The Political Economy of Financing Scottish Government

The Political Economy of Financing Scottish Government

Considering a New Constitutional Settlement for Scotland

Studies in Fiscal Federalism and State–local Finance series

C. Paul Hallwood and Ronald MacDonald

Can the UK survive widespread dissatisfaction in both Scotland and England with the financing of public spending by Scotland’s parliament? This timely book explains how fiscal autonomy could raise economic growth and efficiency in Scotland – to the benefit of both Scotland and the rest of the United Kingdom. The authors discuss how other reform proposals – which amount to cutting Scotland’s block grant – would fail as they would not be seen in Scotland as legitimate. They conclude that fiscal autonomy would be accepted as it reduces Scotland’s democratic deficit in public spending, and would go a long way toward reducing vertical and horizontal imbalances in the UK.

Chapter 7: A Restatement of the Case for Scottish Fiscal Autonomy

C. Paul Hallwood and Ronald MacDonald

Subjects: economics and finance, public finance, regional economics

Extract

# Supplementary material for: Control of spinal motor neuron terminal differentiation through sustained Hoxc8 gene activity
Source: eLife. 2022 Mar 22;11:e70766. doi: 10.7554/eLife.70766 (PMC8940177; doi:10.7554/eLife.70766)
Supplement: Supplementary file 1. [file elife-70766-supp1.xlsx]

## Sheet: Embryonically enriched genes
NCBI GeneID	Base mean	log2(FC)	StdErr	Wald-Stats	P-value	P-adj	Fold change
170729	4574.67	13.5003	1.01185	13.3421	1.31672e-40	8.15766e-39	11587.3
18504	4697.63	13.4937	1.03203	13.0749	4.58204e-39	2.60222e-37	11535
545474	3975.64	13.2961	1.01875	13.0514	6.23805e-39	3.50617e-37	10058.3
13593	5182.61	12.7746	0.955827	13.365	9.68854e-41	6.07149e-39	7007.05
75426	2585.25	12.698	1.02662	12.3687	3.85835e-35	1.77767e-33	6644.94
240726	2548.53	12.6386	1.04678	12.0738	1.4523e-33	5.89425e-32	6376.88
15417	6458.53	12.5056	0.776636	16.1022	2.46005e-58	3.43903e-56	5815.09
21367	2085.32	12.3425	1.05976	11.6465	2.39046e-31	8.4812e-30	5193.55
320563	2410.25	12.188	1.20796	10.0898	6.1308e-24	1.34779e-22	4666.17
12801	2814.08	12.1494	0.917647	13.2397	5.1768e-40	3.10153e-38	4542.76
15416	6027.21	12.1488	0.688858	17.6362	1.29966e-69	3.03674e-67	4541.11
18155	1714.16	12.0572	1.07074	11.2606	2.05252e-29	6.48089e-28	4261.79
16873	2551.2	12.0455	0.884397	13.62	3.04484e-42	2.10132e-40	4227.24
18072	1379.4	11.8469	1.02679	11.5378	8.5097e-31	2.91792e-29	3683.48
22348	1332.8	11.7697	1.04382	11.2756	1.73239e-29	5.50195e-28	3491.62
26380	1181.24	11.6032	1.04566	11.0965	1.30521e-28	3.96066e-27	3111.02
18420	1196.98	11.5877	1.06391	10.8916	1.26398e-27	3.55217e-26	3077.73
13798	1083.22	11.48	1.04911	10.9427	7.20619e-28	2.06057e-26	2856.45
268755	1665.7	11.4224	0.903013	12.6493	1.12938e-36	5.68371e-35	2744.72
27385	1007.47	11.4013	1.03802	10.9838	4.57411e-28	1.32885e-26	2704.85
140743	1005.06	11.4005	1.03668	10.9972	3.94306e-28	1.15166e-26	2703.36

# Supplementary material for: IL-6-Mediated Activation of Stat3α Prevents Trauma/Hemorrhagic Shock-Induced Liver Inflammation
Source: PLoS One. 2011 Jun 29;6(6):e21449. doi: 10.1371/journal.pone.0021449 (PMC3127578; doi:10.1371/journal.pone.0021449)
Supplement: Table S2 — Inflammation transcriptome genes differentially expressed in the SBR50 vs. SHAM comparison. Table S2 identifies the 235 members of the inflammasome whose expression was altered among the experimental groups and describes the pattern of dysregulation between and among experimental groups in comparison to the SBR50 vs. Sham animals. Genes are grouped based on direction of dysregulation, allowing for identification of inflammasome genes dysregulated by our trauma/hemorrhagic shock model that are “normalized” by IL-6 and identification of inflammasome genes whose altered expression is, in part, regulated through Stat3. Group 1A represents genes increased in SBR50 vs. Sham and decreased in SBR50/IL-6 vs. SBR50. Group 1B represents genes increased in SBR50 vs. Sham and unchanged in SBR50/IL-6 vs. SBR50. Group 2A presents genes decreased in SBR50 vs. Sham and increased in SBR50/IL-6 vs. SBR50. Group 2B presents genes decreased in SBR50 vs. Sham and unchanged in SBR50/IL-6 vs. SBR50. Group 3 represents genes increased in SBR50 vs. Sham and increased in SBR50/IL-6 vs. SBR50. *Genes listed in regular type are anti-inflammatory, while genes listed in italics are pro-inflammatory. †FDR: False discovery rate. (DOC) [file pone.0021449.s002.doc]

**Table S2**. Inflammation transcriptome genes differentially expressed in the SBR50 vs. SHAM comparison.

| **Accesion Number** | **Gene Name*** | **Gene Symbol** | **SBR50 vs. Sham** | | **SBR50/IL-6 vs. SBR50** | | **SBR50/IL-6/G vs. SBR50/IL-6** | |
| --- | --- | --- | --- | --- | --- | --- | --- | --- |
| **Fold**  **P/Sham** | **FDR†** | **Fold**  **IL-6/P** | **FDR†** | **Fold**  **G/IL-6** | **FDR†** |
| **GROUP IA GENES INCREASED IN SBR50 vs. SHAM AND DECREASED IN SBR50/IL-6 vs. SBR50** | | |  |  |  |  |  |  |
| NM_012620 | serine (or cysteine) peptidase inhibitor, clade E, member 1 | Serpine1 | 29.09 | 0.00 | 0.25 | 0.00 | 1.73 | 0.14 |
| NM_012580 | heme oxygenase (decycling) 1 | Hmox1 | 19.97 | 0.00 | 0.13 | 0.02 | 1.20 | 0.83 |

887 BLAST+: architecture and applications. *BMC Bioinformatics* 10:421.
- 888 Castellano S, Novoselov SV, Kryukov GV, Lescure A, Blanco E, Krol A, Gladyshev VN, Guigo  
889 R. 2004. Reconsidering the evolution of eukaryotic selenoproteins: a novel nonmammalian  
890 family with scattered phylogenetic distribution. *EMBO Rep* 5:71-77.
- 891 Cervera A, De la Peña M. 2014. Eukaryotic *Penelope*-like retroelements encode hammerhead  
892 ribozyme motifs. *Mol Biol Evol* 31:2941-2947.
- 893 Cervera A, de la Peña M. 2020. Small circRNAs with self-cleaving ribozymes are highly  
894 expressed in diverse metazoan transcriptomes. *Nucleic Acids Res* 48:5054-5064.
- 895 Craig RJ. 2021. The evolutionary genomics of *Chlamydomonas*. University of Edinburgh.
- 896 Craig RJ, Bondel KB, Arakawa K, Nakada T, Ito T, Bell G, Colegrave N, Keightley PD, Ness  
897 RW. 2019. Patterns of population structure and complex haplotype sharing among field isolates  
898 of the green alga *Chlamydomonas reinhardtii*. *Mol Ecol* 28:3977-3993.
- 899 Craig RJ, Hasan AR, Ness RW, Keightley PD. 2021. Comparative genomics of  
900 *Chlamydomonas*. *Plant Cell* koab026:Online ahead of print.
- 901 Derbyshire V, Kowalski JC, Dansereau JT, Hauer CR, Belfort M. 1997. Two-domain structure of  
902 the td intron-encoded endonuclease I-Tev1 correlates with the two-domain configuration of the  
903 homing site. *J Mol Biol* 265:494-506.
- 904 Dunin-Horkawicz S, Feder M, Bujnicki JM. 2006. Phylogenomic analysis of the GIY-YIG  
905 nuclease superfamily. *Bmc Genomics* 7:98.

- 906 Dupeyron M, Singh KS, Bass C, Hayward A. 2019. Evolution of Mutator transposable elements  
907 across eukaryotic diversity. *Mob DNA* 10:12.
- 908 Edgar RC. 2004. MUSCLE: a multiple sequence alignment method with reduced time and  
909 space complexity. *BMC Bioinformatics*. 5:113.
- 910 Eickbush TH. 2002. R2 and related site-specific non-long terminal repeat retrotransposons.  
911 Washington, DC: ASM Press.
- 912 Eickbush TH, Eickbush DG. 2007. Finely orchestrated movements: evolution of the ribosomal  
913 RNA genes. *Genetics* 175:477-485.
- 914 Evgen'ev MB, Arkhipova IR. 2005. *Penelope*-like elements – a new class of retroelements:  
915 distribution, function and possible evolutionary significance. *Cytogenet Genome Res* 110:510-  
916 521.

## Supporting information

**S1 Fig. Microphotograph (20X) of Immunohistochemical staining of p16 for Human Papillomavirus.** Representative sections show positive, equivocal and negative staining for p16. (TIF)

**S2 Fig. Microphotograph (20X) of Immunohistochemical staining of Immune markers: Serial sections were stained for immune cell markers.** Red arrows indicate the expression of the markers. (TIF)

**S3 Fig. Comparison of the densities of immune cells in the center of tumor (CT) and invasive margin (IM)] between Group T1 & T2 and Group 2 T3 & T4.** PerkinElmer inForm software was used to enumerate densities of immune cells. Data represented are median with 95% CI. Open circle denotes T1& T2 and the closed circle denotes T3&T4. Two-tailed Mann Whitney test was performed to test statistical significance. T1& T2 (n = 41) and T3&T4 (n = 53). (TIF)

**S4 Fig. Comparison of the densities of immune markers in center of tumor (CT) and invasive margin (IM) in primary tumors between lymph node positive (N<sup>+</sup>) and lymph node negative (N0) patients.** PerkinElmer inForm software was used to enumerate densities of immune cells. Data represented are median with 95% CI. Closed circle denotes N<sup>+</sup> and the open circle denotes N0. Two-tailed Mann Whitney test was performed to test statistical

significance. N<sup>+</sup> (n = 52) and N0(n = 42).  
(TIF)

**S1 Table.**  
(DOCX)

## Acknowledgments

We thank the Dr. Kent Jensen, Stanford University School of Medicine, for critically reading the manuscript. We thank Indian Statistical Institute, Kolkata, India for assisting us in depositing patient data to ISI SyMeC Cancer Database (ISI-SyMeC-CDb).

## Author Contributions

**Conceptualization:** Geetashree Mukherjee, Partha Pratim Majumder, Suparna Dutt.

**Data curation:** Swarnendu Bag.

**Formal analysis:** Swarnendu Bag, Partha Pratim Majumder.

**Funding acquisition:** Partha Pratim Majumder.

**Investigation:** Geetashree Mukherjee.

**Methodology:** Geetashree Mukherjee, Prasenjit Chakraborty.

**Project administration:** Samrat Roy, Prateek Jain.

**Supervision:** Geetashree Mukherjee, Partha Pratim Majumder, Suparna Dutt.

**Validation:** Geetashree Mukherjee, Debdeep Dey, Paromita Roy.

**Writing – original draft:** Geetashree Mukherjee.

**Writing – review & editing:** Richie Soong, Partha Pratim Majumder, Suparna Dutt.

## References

In this chapter we rebut the case that Ashcroft et al. (2006) make in favour of the status quo fiscal settlement in Scotland that stems from the Scotland Act 1998 and address their criticisms of our proposal for fiscal autonomy outlined in the previous chapter. Their case for Barnett is that it offers a hard budget constraint that effectively disciplines the Scottish public sector. We will show in this chapter that this belief in Barnett is based on a serious misconception of its economic consequences. Despite the fact that Barnett sets an upper limit on public spending by the Scottish Government it is by no means a hard budget constraint. Indeed, so poor is its fiscal discipline on the Executive that it is better described as a formula for a ‘Rakes Progress’. THE FLAWED CASE FOR BARNETT Ashcroft et al. (2006) provide a table in which they compare the characteristics of the Barnett formula system for financing devolved Scottish Government spending with that of fiscal autonomy of the type that we discussed in the last chapter. According to them, like fiscal autonomy, the Barnett formula offers a hard budget constraint and is efficient at handling the split of resources between the Scottish public and private sectors. They say ‘no attempt is made in this table to indicate the degree or extent to which each characteristic is present in each system’. However, they do say that: The present Barnett based system already exhibits many of the characteristics required to encourage the...

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